People and dogs stretch out as company aims for more growth – GeekWire
Rover’s new headquarters has already gone to the dogs — and about 375 people, as the pet-sitting startup has just taken over five floors of the 8th + Olive building in downtown Seattle and sets its sights on more growth in 2020.
Rover has come a long way since being born out of a Startup Weekend event in 2011. The pet-sitting company reported $432 million in sales last year, up 30 percent, and expects that number to exceed $500 million in 2020. Rover counts more than 1 million households as customers, and has 300,000 service providers.
On the heels of a $155 million funding round in 2018 that valued the company at a reported $970 million, Rover has accelerated its expansion in Europe, entered Latin America, and added services for cats.
A service is booked on Rover every three seconds. Meanwhile, competitors such as SoftBank-backed Wag have reportedly struggled.
“We’ve never been in a stronger position competitively,” said Rover CEO Aaron Easterly.
And now they’ve got a larger new 75,000 square-foot headquarters space to fit a growing Seattle workforce. On several floors of the new downtown building, employees look out at sweeping views of the city — and in at a host of human and pet perks.
“One of the challenges of working at Rover is not only learning your co-workers’ names but also the dogs’ names,” said Dave Rosenbaum, a public relations manager with the 9-year-old company.
There are about 40 dogs a day in the office. They lounge at the feet of employees or in cafe-style booths where people are tapping away on laptops. They come to meetings and they frolic in common areas. During GeekWire’s visit we saw a dog lying on a desk beneath a computer monitor and another standing on his hind legs to get a better look over a sliding cubicle wall.
There’s a play area inside for dogs to stretch their legs and do their business, and a new outdoor area that rings the building like an artificial turf jogging track.
There are reportedly two walks of shame at Rover. One by the dog who makes a mess on the office carpet and one for the dog owner who has to go fetch one of the available Rug Doctor machines to clean it up.
The artwork is all related to dogs and cats. There are little dog raincoats on hooks and there’s a snack station with biscuits for dogs and candy for humans. The names of meeting rooms of various sizes and shapes all play off of an animal theme. On one floor the rooms are named for dog breeds and on another they are movie titles that are twisted into animal puns: “Catatouille” and “Prince of Purrsia” and “Dude, Where’s My Cat?”
“I work hard so my dog can have a better life,” reads a framed print in the “Dalmation” meeting room.
If the pet theme wasn’t so prevalent, Rover’s new digs would look like those of any other growing Seattle startup. There’s a large eating and seating area with plenty of free food and drink. Taco Tuesdays are apparently a thing in this gathering space, which affords views out toward Elliott Bay.
The company’s core values are displayed prominently on walls, there is a walk-up tech support counter, there a soundproof pods, and meeting rooms are wired for easy video conferencing with employees in other parts of the world — Rover employs 500 total.
But look closer at a map of Seattle in the main elevator lobby and you’ll see that the green portions are to designate dog parks. And a wall of Polaroid pictures in the main gathering space isn’t employees — it’s their dogs. Frank, Brandy, Cooper, Kiwi, Finney, Gus and so on have all posed for a company headshot.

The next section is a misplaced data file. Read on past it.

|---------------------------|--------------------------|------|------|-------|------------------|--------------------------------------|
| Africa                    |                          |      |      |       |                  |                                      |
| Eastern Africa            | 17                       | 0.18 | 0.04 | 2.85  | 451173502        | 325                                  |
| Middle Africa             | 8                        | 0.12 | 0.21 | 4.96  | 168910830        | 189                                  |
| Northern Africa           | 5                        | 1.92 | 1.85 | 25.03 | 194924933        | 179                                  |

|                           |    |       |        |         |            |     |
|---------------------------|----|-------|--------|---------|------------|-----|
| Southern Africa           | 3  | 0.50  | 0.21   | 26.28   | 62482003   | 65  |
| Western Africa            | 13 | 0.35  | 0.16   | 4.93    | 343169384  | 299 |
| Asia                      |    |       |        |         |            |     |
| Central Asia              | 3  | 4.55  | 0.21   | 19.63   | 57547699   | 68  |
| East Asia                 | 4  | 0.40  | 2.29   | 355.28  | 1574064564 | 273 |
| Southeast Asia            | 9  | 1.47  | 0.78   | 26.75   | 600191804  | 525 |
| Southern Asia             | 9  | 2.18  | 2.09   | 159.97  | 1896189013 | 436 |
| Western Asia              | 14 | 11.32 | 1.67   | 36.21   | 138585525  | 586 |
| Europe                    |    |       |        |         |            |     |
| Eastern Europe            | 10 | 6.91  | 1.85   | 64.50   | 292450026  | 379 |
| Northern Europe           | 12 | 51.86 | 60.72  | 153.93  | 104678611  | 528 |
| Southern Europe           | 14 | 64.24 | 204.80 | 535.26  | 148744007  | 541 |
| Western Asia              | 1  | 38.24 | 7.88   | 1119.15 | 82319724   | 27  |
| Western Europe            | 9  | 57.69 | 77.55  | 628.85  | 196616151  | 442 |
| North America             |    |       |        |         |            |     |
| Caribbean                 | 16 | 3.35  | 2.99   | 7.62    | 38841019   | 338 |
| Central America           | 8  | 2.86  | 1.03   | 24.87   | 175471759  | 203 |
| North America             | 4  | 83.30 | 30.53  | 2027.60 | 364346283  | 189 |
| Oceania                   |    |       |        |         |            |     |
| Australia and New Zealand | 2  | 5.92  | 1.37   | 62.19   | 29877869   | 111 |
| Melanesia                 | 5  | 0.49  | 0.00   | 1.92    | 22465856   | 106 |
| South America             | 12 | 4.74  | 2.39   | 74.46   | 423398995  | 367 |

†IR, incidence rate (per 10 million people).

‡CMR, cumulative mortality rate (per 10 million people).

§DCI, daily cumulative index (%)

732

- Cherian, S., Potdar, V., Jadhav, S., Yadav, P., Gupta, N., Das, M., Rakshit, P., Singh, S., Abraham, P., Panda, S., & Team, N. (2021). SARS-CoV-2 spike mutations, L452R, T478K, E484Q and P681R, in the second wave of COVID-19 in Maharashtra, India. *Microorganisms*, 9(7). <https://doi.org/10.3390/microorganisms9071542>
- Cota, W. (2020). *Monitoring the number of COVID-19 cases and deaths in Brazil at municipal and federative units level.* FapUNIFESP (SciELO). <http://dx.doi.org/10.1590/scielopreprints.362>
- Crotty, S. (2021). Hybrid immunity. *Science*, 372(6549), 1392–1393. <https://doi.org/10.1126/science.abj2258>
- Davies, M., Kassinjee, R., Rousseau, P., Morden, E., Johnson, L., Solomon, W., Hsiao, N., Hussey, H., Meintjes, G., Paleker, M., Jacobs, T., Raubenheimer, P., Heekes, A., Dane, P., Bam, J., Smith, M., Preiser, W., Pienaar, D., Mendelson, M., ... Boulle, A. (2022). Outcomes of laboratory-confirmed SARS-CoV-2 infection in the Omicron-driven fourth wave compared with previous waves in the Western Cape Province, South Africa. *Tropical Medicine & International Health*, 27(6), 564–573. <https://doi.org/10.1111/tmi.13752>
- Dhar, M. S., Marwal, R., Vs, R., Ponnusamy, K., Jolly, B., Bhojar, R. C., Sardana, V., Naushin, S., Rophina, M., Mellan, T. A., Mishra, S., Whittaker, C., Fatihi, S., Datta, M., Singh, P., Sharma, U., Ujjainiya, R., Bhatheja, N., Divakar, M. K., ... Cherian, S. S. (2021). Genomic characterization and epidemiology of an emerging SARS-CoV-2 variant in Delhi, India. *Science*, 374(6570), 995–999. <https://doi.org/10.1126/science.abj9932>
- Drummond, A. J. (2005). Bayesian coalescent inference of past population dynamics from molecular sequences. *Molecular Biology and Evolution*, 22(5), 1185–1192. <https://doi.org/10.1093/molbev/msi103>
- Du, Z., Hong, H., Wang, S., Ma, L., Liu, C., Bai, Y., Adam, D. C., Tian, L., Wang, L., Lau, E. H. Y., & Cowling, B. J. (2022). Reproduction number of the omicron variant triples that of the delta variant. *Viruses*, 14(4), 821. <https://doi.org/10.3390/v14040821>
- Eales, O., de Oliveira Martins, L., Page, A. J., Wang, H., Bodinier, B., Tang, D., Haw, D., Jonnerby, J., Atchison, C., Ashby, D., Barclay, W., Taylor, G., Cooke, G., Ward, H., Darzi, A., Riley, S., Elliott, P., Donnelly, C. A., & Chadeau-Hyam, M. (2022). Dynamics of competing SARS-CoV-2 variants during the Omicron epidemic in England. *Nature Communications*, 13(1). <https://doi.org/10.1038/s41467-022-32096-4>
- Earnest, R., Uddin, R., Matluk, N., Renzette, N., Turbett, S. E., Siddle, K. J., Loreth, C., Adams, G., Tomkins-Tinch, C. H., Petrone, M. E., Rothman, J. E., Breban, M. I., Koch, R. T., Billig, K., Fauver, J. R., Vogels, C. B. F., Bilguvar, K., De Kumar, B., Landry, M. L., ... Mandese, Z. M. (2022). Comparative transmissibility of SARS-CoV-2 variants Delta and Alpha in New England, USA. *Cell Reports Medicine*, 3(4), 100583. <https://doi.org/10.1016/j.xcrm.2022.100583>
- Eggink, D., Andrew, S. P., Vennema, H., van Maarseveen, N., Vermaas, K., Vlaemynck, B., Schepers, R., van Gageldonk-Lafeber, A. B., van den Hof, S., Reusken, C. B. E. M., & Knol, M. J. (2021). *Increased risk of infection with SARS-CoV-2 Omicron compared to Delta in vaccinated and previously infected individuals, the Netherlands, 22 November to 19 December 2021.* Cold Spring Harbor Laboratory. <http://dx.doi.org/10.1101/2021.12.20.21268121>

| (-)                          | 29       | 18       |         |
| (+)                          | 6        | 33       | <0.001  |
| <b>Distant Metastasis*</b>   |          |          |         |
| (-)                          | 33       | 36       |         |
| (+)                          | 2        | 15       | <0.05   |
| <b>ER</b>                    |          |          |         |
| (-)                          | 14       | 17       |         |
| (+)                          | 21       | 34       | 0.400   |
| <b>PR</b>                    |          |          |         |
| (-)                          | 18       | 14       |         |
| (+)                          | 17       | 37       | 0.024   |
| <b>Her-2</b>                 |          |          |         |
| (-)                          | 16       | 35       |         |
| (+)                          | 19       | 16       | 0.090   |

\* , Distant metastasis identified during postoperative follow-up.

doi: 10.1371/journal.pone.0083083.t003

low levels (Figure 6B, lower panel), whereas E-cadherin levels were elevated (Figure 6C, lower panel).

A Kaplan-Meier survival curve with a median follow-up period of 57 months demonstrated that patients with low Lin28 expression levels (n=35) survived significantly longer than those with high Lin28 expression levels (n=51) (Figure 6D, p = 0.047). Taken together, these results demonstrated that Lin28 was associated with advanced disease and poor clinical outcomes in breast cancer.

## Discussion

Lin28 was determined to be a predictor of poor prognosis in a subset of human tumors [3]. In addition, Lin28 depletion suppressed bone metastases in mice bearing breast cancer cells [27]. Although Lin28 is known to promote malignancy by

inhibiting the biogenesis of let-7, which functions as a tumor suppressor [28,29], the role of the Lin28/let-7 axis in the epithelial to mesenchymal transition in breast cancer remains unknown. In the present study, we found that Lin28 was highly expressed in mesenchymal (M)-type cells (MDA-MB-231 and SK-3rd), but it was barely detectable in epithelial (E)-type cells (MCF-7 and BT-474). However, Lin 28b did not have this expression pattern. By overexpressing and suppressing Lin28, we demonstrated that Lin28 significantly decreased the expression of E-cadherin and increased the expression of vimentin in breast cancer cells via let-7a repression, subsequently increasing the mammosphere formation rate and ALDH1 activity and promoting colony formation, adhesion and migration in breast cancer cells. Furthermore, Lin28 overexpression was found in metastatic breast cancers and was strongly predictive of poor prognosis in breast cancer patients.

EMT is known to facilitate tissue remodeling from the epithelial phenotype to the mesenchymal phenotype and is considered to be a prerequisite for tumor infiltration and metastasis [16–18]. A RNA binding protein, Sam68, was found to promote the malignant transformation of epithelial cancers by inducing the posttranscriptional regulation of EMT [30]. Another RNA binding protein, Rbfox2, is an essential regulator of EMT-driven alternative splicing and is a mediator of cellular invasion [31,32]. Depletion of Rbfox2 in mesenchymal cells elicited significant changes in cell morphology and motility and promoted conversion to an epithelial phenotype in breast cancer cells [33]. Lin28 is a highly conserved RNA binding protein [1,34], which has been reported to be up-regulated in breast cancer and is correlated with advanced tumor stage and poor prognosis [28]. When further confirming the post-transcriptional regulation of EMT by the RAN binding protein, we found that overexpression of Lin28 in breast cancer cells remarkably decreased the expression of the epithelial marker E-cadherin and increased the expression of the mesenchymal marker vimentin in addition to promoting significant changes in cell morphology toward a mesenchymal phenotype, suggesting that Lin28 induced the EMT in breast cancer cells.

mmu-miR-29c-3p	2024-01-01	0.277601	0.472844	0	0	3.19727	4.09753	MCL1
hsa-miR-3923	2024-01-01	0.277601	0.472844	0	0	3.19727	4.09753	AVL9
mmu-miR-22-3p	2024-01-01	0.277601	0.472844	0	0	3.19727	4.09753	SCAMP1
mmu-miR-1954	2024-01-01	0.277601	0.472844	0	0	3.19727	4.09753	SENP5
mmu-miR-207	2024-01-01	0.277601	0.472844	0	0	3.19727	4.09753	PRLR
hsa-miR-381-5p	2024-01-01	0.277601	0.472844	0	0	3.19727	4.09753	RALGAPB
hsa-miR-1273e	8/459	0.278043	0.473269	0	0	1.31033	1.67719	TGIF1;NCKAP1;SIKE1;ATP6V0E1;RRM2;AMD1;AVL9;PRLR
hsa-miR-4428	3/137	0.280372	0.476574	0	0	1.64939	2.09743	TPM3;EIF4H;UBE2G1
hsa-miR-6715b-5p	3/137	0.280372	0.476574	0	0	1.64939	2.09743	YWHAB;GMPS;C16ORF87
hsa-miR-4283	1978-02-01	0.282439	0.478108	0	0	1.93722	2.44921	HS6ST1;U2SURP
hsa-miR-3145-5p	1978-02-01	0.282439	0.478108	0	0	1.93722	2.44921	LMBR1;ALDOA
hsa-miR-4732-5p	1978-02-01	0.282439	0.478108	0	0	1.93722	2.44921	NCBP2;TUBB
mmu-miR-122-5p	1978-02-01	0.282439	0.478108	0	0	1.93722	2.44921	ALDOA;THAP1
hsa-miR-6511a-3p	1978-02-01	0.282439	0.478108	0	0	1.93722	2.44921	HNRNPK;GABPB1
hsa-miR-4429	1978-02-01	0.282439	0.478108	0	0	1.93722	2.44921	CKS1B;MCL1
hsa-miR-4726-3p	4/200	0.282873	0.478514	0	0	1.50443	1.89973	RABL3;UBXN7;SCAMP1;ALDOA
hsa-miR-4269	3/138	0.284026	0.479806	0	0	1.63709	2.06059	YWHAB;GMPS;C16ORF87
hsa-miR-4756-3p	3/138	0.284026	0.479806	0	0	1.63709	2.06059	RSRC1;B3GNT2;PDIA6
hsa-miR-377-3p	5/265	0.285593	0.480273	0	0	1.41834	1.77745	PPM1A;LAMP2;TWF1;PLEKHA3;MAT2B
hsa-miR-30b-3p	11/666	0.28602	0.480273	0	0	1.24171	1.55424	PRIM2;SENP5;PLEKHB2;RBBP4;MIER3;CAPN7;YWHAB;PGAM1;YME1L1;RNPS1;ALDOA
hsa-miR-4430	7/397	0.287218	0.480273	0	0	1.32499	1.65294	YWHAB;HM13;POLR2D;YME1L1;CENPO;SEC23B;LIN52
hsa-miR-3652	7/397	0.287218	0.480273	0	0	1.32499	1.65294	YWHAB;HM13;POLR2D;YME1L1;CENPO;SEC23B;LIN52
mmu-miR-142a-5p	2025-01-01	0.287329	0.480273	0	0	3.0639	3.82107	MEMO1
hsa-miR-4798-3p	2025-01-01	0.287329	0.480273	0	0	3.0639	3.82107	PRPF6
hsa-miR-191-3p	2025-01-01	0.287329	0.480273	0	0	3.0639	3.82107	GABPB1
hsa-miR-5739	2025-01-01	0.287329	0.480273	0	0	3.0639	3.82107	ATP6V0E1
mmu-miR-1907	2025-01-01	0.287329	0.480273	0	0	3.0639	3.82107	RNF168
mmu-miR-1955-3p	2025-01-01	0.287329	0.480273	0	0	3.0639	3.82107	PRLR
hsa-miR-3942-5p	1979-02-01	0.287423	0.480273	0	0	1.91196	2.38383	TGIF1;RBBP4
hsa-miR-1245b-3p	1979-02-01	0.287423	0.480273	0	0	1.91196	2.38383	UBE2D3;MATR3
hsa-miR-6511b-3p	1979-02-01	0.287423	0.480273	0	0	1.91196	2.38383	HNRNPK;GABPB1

Rover’s core overnight care service business continues to grow and still makes up a majority of its revenue, but the company is also expanding daytime service offerings such as dog walking, grooming, or drop-in visits.
Easterly expects the “pet economy” to continue growing. In 2018, U.S. consumers spent $72.6 billion on their pets, up from $69.5 billion, according to the American Pet Products Association.
“The fundamental dynamics that have caused Rover to grow today aren’t turning around anytime soon,” Easterly said.
Even with a recession looming, Rover might be in good shape. In a recent research note about Chewy, a leading online pet product retailer, RBC Capital Markets analyst Mark Mahaney noted that in 2010 consumer spend declined across entertainment, food, housing, and apparel. Pet spend went up 6.2 percent — “Fluffy’s gotta eat!” Mahaney noted.
Other potential threats to the business include horror stories that similar marketplace startups deal with. Easterly said Rover has had a “huge emphasis on trust and safety and it’s always been our focus.”
“We understand that dogs are part of people’s families,” he said. “Living and breathing that in our DNA makes us fundamentally different than other players.”
New legislation such as California’s Assembly Bill 5 that extends employee classification status to independent contractors could also impact Rover’s bottom line. But Easterly said that for a majority of Rover service providers, “this is not intended to be a full-time job.”
“As long as we get to tell our story, we feel confident that most legislatures will want a solution such as Rover to exist,” he added.
Rover has raised $341 million, which includes $281 million in equity and $60 million in debt capacity. The company’s backers include A-Grade Investments, CrunchFund, Foundry Group, Madrona Venture Group, Menlo Ventures, Petco, Rolling Bay Ventures, TCV, and Spark Capital.
Easterly said the company doesn’t expect to need more capital this year and declined to comment on a potential IPO. Rover, which acquired U.S. rival DogVacay in March 2017, is still unprofitable.
The Seattle-based company has additional offices in Spokane, Wash.; Barcelona; London; and Berlin.